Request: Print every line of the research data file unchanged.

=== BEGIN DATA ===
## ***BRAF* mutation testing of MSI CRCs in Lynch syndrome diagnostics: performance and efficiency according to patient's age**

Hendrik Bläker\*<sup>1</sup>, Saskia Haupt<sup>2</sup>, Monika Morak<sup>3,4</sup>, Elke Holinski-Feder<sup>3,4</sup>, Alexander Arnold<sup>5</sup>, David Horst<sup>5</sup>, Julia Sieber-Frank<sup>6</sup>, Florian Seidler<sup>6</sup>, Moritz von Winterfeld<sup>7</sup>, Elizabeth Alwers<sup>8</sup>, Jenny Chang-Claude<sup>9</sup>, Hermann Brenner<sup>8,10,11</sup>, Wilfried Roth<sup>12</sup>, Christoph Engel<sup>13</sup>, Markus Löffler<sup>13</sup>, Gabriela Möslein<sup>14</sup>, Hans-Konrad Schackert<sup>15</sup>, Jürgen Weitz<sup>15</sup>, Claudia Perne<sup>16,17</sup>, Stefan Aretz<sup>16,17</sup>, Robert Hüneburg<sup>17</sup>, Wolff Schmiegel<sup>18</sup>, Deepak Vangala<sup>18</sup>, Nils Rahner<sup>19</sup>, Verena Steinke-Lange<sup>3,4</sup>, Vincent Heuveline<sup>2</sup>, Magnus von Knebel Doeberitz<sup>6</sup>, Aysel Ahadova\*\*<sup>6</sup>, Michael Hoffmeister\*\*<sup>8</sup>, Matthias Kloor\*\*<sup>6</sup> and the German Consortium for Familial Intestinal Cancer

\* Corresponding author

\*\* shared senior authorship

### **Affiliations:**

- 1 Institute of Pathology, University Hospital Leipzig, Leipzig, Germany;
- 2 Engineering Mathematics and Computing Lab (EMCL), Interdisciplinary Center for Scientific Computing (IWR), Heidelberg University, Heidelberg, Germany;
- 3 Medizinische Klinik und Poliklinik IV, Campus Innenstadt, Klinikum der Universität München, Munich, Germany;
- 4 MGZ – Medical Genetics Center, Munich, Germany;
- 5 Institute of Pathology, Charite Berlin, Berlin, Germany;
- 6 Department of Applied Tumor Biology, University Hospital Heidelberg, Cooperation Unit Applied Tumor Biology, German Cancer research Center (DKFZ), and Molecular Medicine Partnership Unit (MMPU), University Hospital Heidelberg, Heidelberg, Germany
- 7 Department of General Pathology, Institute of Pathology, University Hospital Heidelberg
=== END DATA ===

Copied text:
## ***BRAF* mutation testing of MSI CRCs in Lynch syndrome diagnostics: performance and efficiency according to patient's age**

Hendrik Bläker\*<sup>1</sup>, Saskia Haupt<sup>2</sup>, Monika Morak<sup>3,4</sup>, Elke Holinski-Feder<sup>3,4</sup>, Alexander Arnold<sup>5</sup>, David Horst<sup>5</sup>, Julia Sieber-Frank<sup>6</sup>, Florian Seidler<sup>6</sup>, Moritz von Winterfeld<sup>7</sup>, Elizabeth Alwers<sup>8</sup>, Jenny Chang-Claude<sup>9</sup>, Hermann Brenner<sup>8,10,11</sup>, Wilfried Roth<sup>12</sup>, Christoph Engel<sup>13</sup>, Markus Löffler<sup>13</sup>, Gabriela Möslein<sup>14</sup>, Hans-Konrad Schackert<sup>15</sup>, Jürgen Weitz<sup>15</sup>, Claudia Perne<sup>16,17</sup>, Stefan Aretz<sup>16,17</sup>, Robert Hüneburg<sup>17</sup>, Wolff Schmiegel<sup>18</sup>, Deepak Vangala<sup>18</sup>, Nils Rahner<sup>19</sup>, Verena Steinke-Lange<sup>3,4</sup>, Vincent Heuveline<sup>2</sup>, Magnus von Knebel Doeberitz<sup>6</sup>, Aysel Ahadova\*\*<sup>6</sup>, Michael Hoffmeister\*\*<sup>8</sup>, Matthias Kloor\*\*<sup>6</sup> and the German Consortium for Familial Intestinal Cancer

\* Corresponding author

\*\* shared senior authorship

### **Affiliations:**

- 1 Institute of Pathology, University Hospital Leipzig, Leipzig, Germany;
- 2 Engineering Mathematics and Computing Lab (EMCL), Interdisciplinary Center for Scientific Computing (IWR), Heidelberg University, Heidelberg, Germany;
- 3 Medizinische Klinik und Poliklinik IV, Campus Innenstadt, Klinikum der Universität München, Munich, Germany;
- 4 MGZ – Medical Genetics Center, Munich, Germany;
- 5 Institute of Pathology, Charite Berlin, Berlin, Germany;
- 6 Department of Applied Tumor Biology, University Hospital Heidelberg, Cooperation Unit Applied Tumor Biology, German Cancer research Center (DKFZ), and Molecular Medicine Partnership Unit (MMPU), University Hospital Heidelberg, Heidelberg, Germany
- 7 Department of General Pathology, Institute of Pathology, University Hospital Heidelberg